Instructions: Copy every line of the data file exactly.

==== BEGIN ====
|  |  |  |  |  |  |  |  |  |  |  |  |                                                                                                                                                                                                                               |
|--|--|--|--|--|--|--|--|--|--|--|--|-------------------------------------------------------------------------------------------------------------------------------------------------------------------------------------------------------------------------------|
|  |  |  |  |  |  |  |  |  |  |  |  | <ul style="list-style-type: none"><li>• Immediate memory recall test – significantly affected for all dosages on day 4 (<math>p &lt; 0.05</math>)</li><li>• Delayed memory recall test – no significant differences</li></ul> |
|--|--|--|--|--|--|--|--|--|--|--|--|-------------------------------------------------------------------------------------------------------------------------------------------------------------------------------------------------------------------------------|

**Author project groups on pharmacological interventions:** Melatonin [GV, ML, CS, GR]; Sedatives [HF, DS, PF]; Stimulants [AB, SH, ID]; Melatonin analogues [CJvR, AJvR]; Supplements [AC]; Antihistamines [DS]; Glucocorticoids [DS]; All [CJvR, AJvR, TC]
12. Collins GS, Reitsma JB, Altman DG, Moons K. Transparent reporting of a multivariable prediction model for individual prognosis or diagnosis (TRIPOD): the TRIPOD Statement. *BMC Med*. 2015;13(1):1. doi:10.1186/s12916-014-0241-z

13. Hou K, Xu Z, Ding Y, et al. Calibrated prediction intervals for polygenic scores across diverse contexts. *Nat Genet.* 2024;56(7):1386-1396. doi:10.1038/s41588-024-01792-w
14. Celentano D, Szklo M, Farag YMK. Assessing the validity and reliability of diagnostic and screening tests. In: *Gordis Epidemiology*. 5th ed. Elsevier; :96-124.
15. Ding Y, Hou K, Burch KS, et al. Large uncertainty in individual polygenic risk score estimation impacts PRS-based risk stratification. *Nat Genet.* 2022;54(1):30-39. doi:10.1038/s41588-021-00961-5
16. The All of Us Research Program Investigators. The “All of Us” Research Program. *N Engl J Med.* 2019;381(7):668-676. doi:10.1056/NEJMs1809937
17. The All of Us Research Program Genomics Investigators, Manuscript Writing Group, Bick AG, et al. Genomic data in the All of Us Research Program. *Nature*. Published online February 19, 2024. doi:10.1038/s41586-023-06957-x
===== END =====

|  |  |  |  |  |  |  |  |  |  |  |  |                                                                                                                                                                                                                               |
|--|--|--|--|--|--|--|--|--|--|--|--|-------------------------------------------------------------------------------------------------------------------------------------------------------------------------------------------------------------------------------|
|  |  |  |  |  |  |  |  |  |  |  |  | <ul style="list-style-type: none"><li>• Immediate memory recall test – significantly affected for all dosages on day 4 (<math>p &lt; 0.05</math>)</li><li>• Delayed memory recall test – no significant differences</li></ul> |
|--|--|--|--|--|--|--|--|--|--|--|--|-------------------------------------------------------------------------------------------------------------------------------------------------------------------------------------------------------------------------------|

**Author project groups on pharmacological interventions:** Melatonin [GV, ML, CS, GR]; Sedatives [HF, DS, PF]; Stimulants [AB, SH, ID]; Melatonin analogues [CJvR, AJvR]; Supplements [AC]; Antihistamines [DS]; Glucocorticoids [DS]; All [CJvR, AJvR, TC]
12. Collins GS, Reitsma JB, Altman DG, Moons K. Transparent reporting of a multivariable prediction model for individual prognosis or diagnosis (TRIPOD): the TRIPOD Statement. *BMC Med*. 2015;13(1):1. doi:10.1186/s12916-014-0241-z

13. Hou K, Xu Z, Ding Y, et al. Calibrated prediction intervals for polygenic scores across diverse contexts. *Nat Genet.* 2024;56(7):1386-1396. doi:10.1038/s41588-024-01792-w
14. Celentano D, Szklo M, Farag YMK. Assessing the validity and reliability of diagnostic and screening tests. In: *Gordis Epidemiology*. 5th ed. Elsevier; :96-124.
15. Ding Y, Hou K, Burch KS, et al. Large uncertainty in individual polygenic risk score estimation impacts PRS-based risk stratification. *Nat Genet.* 2022;54(1):30-39. doi:10.1038/s41588-021-00961-5
16. The All of Us Research Program Investigators. The “All of Us” Research Program. *N Engl J Med.* 2019;381(7):668-676. doi:10.1056/NEJMs1809937
17. The All of Us Research Program Genomics Investigators, Manuscript Writing Group, Bick AG, et al. Genomic data in the All of Us Research Program. *Nature*. Published online February 19, 2024. doi:10.1038/s41586-023-06957-x